Since cases of SIBO and IMO can reoccur, what is the protocol for these cases?

Pimentel: It depends on the reoccurrence. One patient may not even be taking the prokinetic anymore and be symptom-free and feel fine after two years, and another can relapse two months after treatment; that’s the patient that you have to ask, “Are you really following the diet?” and then you are going to give the prokinetic and you manage them that way. If they keep reoccurring, even though they’re responding to the antibiotics, I start looking for adhesions; I start looking for other things, because if there is an adhesion, treating it could be the cure for them; maybe they don’t need any of this—prokinetic and diet things—if the adhesion is gone, then their bowel will be freed up and back to normal. We take different approaches depending on how quickly things reoccur.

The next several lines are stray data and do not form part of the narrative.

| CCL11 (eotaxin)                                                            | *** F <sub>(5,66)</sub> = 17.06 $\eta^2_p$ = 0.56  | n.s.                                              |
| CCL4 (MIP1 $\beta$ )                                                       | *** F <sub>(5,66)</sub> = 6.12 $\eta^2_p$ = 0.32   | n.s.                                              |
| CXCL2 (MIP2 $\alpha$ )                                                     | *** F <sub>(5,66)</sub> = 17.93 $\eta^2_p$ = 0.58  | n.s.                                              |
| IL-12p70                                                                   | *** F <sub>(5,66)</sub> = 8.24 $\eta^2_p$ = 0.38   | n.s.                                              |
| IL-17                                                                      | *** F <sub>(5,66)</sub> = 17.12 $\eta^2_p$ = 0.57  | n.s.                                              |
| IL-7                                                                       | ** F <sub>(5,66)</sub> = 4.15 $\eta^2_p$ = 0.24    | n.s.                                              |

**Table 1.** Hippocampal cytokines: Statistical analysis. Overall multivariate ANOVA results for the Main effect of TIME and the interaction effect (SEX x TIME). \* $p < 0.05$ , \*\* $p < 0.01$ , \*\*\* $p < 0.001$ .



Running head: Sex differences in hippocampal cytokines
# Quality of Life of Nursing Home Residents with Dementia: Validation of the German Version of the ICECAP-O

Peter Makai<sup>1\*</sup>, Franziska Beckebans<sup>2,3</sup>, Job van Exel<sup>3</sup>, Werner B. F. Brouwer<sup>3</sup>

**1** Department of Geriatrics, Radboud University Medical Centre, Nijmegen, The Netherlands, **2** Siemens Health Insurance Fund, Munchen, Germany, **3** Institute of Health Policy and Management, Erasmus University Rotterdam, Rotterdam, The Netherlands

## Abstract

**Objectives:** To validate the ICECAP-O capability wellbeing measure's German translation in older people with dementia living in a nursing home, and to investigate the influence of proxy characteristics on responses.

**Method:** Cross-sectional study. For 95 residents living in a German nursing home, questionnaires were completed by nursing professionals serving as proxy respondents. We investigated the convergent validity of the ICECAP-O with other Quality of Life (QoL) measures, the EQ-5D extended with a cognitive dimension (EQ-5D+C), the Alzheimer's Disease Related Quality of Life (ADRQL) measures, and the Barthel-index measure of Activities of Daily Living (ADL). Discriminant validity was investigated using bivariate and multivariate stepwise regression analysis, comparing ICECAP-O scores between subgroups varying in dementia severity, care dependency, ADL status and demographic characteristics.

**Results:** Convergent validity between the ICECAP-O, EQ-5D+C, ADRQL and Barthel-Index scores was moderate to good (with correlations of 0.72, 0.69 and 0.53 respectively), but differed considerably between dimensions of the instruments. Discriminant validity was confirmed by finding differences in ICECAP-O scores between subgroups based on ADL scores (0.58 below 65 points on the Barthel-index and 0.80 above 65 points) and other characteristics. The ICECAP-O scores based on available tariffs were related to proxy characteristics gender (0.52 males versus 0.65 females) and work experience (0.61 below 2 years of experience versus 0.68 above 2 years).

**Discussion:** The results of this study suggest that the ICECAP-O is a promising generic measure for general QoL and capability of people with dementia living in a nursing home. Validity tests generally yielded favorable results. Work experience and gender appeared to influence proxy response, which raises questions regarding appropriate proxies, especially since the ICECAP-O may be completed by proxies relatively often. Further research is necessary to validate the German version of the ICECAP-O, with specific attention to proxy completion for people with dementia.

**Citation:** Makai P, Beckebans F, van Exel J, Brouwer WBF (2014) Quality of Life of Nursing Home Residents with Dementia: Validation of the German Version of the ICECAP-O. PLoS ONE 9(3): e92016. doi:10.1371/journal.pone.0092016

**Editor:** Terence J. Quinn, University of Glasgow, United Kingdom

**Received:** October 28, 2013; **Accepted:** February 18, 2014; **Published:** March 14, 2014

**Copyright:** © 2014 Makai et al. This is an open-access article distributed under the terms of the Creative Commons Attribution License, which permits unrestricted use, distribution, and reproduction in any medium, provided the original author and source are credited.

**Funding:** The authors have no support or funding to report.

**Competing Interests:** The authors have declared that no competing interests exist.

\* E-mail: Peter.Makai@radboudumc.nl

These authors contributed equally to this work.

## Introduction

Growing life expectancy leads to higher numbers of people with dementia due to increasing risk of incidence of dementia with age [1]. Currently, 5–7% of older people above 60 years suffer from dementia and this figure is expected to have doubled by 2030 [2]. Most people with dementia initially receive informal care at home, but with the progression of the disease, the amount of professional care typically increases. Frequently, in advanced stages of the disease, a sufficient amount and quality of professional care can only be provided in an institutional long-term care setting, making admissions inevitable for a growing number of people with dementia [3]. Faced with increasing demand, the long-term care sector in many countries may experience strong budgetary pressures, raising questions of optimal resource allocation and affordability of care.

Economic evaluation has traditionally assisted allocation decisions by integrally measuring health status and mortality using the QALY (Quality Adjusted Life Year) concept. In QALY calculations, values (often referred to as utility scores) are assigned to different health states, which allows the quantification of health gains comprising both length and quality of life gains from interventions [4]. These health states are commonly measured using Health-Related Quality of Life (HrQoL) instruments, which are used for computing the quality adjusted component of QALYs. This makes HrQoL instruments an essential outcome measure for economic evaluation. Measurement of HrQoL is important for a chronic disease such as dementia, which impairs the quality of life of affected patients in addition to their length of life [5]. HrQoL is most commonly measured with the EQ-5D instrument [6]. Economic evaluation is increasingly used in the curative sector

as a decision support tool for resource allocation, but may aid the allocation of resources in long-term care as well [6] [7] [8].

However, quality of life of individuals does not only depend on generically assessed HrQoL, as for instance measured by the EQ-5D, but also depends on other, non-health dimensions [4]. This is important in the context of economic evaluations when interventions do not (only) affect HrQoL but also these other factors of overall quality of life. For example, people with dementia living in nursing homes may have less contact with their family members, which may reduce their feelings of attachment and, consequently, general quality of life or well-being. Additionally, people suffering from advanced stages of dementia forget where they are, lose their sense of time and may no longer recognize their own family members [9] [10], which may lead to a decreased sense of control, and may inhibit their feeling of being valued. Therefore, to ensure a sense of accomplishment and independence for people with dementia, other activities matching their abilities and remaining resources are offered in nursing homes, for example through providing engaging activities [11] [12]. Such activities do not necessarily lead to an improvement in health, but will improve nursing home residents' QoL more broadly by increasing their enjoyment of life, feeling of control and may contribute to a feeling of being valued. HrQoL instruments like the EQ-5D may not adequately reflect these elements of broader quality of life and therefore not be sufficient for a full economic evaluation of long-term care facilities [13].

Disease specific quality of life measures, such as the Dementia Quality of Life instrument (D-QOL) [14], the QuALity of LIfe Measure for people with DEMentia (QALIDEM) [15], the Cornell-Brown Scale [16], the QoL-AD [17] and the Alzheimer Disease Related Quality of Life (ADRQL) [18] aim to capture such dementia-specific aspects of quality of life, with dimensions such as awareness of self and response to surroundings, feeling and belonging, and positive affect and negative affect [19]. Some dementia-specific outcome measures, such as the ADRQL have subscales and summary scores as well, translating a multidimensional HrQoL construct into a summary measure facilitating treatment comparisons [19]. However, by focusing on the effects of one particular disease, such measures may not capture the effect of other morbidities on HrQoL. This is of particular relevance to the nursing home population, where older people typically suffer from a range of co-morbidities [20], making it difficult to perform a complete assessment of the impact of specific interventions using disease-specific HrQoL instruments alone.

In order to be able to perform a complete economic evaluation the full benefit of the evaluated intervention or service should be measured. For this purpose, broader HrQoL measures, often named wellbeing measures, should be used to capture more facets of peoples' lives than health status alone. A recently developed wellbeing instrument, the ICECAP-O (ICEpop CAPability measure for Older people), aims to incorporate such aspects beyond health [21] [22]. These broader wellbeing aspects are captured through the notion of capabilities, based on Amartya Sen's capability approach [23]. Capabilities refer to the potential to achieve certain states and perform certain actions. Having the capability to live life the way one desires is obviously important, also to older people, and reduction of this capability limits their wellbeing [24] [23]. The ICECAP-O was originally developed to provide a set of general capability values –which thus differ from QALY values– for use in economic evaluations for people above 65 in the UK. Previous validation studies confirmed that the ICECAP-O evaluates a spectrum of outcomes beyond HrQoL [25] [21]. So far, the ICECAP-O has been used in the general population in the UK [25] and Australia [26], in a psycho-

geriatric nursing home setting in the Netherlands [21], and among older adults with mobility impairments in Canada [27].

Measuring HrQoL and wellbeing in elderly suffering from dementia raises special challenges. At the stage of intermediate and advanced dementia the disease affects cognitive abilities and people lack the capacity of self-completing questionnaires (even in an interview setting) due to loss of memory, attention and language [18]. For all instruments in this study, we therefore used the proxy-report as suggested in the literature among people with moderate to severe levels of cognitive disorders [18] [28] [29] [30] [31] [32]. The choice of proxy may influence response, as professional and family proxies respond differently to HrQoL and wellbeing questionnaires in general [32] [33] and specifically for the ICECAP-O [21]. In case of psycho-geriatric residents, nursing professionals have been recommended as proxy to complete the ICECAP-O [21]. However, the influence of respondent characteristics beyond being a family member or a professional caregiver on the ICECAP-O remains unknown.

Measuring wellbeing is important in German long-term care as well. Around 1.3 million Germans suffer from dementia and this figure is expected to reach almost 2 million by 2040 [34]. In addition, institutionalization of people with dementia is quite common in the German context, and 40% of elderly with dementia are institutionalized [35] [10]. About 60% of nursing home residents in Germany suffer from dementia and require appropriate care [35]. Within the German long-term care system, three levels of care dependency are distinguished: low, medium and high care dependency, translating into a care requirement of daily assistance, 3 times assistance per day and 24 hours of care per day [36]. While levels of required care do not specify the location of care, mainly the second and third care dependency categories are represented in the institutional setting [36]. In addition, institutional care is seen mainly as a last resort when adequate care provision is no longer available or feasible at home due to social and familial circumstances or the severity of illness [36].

So it really can be quite the investigative process of figuring out what is going on.

Pimentel: That’s why the blood test *(IBS Smart) and constant thinking is important in this process. I’ve always had the philosophy: Don’t treat the symptoms, treat the cause; you treat the cause, the patient gets better.

*IBS Smart is a blood test developed by Pimentel that measures two antibodies that can definitively diagnose IBS caused by food poisoning.

To hear the complete interview, please listen to the author’s new podcast “Heal Your Gut, Heal Your Soul” on Spotify.

Jill Friedbauer has been working in the field of health and wellness for 20 years. She is a national board certified health and wellness coach, licensed physical therapist, author of the book “Heal Your Soul, Heal Your Gut,” and has a podcast, “Heal Your Gut, Heal Your Soul” on Spotify. Friedbauer is available for one-on-one health coaching, family health coaching, group coaching and speaking engagements. She can be reached via email at: [email protected], or to book a consultation, visit her website at: www.jillfriedbauer.com .